Routing Windows 2000 IPv6 traffic
Your IPv6 network prefix: 1:2:1:1::/64
Now you're ready to set up the tunnel.
Configuring the Router -> Broker Tunnel
Using the values provided by the broker, configure the tunnel from the router
to the broker. You'll want to do something like:
ifconfig gif0 giftunnel 10.1.1.1 188.8.131.52 ifconfig gif0 inet6 1:1:1:1::2 1:1:1:1::1 prefixlen 128 alias route -n add -inet6 default 1:1:1:1::1
HE provides lines similar to the above. Substitute your IP addresses where appropriate.
Configuring the Router LAN Interface
Using the network prefix provided, configure the LAN interface for IPv6:
ifconfig xl1 inet6 1:2:1:1::1 prefixlen 64 alias
Some people may prefer to use the current IPv4 address as an identifier, instead
of the ::1 used above. This is more or less dependent on the address space assigned
to you (though in our case it would work), and may make the IPv4 -> v6 conversion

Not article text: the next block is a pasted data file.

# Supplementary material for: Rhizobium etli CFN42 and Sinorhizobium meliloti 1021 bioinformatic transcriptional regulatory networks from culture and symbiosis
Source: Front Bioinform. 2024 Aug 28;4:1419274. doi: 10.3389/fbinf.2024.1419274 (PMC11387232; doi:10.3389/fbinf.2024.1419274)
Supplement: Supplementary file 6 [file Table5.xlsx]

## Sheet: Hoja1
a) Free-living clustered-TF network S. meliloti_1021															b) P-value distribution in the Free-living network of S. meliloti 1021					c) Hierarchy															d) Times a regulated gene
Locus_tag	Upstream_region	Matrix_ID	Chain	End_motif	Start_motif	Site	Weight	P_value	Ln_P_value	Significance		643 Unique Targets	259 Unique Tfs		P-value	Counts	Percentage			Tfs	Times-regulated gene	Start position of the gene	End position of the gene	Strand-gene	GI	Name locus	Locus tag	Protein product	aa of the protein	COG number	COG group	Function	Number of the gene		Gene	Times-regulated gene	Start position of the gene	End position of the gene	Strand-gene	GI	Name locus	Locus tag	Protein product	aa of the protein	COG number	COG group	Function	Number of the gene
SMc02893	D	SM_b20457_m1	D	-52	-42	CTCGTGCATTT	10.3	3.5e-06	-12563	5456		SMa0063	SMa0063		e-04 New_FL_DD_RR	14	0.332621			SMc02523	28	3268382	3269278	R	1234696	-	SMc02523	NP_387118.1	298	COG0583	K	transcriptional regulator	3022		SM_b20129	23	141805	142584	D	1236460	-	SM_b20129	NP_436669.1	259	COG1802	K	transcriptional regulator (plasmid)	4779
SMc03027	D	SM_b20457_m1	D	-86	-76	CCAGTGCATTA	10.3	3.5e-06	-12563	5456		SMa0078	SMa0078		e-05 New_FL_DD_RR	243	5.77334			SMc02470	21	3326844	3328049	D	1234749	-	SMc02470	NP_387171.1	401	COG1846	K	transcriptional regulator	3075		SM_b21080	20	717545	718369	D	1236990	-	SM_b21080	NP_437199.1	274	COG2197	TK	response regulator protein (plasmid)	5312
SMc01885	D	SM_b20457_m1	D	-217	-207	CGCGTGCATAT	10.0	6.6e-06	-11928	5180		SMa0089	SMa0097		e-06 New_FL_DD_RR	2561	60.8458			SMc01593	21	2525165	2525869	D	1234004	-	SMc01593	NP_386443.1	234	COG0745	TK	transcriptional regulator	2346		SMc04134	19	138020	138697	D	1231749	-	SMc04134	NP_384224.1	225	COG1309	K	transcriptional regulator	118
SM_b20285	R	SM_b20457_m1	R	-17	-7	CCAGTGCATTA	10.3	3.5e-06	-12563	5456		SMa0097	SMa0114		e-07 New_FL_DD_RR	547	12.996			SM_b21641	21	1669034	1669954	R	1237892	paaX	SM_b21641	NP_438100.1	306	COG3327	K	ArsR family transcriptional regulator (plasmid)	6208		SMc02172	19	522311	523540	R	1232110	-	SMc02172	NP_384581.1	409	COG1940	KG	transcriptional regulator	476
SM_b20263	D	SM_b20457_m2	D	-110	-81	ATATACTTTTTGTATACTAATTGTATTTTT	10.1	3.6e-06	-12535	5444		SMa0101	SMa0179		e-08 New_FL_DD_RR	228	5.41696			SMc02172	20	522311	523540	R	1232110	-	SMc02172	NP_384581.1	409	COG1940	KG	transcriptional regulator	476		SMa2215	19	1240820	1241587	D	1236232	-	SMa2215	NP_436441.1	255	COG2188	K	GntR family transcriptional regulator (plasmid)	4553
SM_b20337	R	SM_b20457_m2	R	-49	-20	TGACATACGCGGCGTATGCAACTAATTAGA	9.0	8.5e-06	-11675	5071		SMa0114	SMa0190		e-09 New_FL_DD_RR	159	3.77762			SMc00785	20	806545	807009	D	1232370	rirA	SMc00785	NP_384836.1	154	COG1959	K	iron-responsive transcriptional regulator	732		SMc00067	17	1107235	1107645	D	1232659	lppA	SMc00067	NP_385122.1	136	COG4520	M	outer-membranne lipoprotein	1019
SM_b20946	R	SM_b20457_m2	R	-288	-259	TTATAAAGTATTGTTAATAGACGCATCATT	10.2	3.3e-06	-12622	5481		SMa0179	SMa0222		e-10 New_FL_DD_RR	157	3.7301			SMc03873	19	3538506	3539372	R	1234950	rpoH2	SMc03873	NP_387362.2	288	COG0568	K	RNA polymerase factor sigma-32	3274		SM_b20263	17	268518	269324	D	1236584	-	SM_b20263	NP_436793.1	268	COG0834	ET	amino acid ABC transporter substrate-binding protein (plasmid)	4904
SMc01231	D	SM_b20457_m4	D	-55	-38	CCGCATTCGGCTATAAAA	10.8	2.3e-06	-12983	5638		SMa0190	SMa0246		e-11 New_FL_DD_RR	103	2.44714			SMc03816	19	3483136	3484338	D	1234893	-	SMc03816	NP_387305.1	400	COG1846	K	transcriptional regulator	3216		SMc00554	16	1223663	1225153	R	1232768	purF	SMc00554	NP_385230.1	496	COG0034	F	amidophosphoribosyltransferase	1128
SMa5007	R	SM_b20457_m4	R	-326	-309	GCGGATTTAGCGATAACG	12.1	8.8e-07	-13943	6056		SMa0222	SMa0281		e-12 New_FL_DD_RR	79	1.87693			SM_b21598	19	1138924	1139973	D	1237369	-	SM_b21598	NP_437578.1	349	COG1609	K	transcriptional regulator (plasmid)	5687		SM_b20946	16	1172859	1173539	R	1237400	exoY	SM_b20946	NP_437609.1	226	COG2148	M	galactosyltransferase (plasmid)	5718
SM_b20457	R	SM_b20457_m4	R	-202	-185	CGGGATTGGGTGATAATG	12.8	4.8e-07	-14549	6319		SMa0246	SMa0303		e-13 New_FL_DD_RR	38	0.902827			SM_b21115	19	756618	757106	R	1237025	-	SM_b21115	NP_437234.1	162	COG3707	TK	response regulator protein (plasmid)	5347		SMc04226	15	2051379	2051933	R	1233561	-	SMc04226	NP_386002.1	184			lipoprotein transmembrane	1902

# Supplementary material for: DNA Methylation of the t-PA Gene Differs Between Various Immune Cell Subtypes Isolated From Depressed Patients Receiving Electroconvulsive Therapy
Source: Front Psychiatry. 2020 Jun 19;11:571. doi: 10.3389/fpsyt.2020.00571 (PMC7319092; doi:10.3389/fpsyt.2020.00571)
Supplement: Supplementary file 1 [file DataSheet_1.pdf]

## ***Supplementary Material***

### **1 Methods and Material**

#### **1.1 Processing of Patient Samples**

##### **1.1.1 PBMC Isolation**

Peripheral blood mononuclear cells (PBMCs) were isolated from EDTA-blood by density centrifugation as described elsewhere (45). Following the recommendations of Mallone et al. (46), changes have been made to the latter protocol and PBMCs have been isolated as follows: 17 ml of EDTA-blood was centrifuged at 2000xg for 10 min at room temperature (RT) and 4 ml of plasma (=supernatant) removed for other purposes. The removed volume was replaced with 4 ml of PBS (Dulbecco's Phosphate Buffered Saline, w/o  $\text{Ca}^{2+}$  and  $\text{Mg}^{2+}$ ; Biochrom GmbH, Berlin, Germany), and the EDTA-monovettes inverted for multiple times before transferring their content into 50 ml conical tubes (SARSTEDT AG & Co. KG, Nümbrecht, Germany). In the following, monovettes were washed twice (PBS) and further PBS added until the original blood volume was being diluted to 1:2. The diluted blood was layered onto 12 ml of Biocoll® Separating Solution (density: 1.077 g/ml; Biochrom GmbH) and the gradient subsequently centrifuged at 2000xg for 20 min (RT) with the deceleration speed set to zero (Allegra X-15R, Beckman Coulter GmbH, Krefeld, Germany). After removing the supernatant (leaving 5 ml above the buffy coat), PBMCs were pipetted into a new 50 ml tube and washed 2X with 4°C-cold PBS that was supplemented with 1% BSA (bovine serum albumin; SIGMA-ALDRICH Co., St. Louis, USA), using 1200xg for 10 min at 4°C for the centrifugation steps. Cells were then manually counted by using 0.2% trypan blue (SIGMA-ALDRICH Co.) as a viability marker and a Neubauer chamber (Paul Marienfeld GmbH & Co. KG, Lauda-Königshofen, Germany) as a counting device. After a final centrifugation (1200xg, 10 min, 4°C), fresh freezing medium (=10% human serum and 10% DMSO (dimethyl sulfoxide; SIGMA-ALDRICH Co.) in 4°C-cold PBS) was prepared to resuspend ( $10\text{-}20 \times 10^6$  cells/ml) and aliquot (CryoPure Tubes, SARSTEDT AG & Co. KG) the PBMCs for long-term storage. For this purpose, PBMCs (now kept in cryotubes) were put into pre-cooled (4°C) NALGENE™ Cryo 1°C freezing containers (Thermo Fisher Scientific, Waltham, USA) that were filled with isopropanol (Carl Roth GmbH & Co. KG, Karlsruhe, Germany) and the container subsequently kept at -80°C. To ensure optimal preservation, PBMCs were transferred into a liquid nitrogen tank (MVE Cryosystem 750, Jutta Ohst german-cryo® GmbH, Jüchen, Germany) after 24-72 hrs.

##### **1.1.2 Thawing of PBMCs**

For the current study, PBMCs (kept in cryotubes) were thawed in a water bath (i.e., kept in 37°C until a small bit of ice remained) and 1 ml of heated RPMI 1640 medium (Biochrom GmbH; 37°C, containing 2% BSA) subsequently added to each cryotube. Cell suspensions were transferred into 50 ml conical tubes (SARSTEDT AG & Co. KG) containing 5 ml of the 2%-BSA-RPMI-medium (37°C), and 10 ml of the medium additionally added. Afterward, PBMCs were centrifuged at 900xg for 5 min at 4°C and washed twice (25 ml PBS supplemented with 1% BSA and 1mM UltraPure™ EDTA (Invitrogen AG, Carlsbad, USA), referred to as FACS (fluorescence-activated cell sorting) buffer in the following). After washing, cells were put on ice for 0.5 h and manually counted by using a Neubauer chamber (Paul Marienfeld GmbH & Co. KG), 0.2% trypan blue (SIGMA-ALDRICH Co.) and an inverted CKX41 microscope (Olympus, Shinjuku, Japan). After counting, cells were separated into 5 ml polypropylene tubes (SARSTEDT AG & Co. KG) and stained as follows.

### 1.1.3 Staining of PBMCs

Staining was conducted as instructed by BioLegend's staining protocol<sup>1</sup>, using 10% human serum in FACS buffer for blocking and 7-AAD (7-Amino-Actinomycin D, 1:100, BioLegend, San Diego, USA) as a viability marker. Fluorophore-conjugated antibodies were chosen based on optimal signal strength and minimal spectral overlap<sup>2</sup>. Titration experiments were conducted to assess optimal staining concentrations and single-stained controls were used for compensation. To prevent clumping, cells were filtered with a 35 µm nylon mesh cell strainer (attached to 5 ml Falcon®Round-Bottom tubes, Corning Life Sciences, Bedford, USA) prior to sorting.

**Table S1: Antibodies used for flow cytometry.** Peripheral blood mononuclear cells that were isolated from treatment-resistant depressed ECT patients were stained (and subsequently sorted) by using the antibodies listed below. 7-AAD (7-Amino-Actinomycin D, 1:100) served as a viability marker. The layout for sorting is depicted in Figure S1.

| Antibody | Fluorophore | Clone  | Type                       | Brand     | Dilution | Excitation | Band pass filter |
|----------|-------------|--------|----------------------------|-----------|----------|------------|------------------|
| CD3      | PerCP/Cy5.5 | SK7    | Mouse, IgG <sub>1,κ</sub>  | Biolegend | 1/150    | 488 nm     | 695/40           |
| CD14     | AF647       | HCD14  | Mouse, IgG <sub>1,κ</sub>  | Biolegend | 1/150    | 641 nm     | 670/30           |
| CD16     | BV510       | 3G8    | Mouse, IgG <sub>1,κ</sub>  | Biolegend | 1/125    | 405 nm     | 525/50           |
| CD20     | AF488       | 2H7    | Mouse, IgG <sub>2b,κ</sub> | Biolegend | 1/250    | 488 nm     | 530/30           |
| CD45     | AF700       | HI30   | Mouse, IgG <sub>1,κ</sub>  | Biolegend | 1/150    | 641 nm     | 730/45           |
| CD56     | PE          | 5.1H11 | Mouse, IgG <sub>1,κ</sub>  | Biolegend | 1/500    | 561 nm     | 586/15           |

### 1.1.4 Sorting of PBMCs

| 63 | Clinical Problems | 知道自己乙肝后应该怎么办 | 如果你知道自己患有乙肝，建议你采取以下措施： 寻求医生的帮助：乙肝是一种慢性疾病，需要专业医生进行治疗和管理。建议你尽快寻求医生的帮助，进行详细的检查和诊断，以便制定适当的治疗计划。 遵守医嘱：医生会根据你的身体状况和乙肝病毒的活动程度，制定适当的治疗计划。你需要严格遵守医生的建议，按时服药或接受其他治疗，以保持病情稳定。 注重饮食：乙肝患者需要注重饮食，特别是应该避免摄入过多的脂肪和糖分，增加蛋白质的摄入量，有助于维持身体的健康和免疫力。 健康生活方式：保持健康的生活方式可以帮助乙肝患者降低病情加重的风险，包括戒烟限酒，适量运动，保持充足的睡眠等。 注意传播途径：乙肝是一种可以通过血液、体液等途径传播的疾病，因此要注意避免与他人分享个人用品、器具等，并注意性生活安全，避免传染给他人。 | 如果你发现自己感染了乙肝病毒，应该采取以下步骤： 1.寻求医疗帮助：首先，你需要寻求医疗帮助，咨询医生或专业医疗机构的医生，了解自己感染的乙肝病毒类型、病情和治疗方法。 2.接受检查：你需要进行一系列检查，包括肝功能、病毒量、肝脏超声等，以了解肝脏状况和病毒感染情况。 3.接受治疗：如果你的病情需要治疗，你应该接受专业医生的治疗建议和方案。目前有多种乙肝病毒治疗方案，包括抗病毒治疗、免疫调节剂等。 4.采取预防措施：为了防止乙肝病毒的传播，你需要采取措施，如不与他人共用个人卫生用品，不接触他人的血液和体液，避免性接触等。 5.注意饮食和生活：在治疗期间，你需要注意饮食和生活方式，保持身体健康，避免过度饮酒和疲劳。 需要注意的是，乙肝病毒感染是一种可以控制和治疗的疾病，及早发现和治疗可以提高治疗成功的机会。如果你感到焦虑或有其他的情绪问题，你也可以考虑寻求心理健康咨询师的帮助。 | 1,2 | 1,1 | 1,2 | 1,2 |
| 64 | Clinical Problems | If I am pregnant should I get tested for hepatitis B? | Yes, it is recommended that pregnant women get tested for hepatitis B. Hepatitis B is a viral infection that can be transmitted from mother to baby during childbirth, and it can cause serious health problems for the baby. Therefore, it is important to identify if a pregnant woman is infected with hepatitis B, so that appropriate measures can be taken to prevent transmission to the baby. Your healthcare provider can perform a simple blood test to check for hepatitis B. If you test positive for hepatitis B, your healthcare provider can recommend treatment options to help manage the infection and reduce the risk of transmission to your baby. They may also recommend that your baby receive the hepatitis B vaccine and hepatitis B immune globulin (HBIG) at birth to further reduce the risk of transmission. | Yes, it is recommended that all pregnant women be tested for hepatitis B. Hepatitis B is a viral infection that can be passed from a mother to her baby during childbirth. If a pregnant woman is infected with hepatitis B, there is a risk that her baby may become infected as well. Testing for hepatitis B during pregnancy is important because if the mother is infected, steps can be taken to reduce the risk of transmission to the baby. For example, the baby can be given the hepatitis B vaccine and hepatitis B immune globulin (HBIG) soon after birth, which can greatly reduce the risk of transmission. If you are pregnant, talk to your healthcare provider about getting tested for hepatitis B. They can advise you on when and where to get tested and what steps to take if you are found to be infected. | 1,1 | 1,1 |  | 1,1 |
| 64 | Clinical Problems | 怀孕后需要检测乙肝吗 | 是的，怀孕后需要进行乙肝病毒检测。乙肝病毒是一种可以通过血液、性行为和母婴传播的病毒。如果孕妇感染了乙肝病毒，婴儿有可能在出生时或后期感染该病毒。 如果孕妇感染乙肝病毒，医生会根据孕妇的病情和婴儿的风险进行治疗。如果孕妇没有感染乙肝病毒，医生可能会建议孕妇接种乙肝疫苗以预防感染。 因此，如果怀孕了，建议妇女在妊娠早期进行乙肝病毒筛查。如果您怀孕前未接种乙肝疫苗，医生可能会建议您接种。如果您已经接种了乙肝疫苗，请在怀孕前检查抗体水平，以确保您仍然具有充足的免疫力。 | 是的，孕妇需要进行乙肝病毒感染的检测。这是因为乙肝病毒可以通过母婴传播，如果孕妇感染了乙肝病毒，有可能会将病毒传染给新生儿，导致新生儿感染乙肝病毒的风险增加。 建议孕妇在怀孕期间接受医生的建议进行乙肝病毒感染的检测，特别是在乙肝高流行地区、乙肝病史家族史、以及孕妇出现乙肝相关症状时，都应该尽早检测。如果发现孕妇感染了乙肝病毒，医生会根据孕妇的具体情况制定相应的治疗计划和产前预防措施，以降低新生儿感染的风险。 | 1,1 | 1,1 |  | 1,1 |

a little easier to maintain. E.g. we might have configured xl1 as 1:2:1:1::10.2.1.1.
Interestingly, OpenBSD and Windows have already configured their interfaces,
deriving a "link local" address from the ethernet addresses on the cards. This
address is used below when configuring the default IPv6 route under Windows.
Configuring the Windows LAN Interface
Assign a default route and IP to the "Local Area Connection" Windows interface:
ipv6 rtu ::/0 5/fe80::260:97ff:fea0:ebe5 pub ipv6 adu 5/1:2:1:1::2
In this case, the LAC interface number is 5 (denoted by the 5/ above). To determine
your LAC interface, type "ipv6 if" from a DOS prompt. Also note that if you named
your network interface something other than the default "Local Area Connection",
that name will be used in its place in the "ipv6 if" output.
Note that we are setting the default route to the "link local" address of the
router. This address can be determined with "ifconfig xl1" on the router. The
address will start with fe80::.
From the router, ping the broker's end point:
From the Windows machine, ping the router:
Finally, load up IE and open
href="http://www.kame.net/">http://www.kame.net/. If all is well, the turtle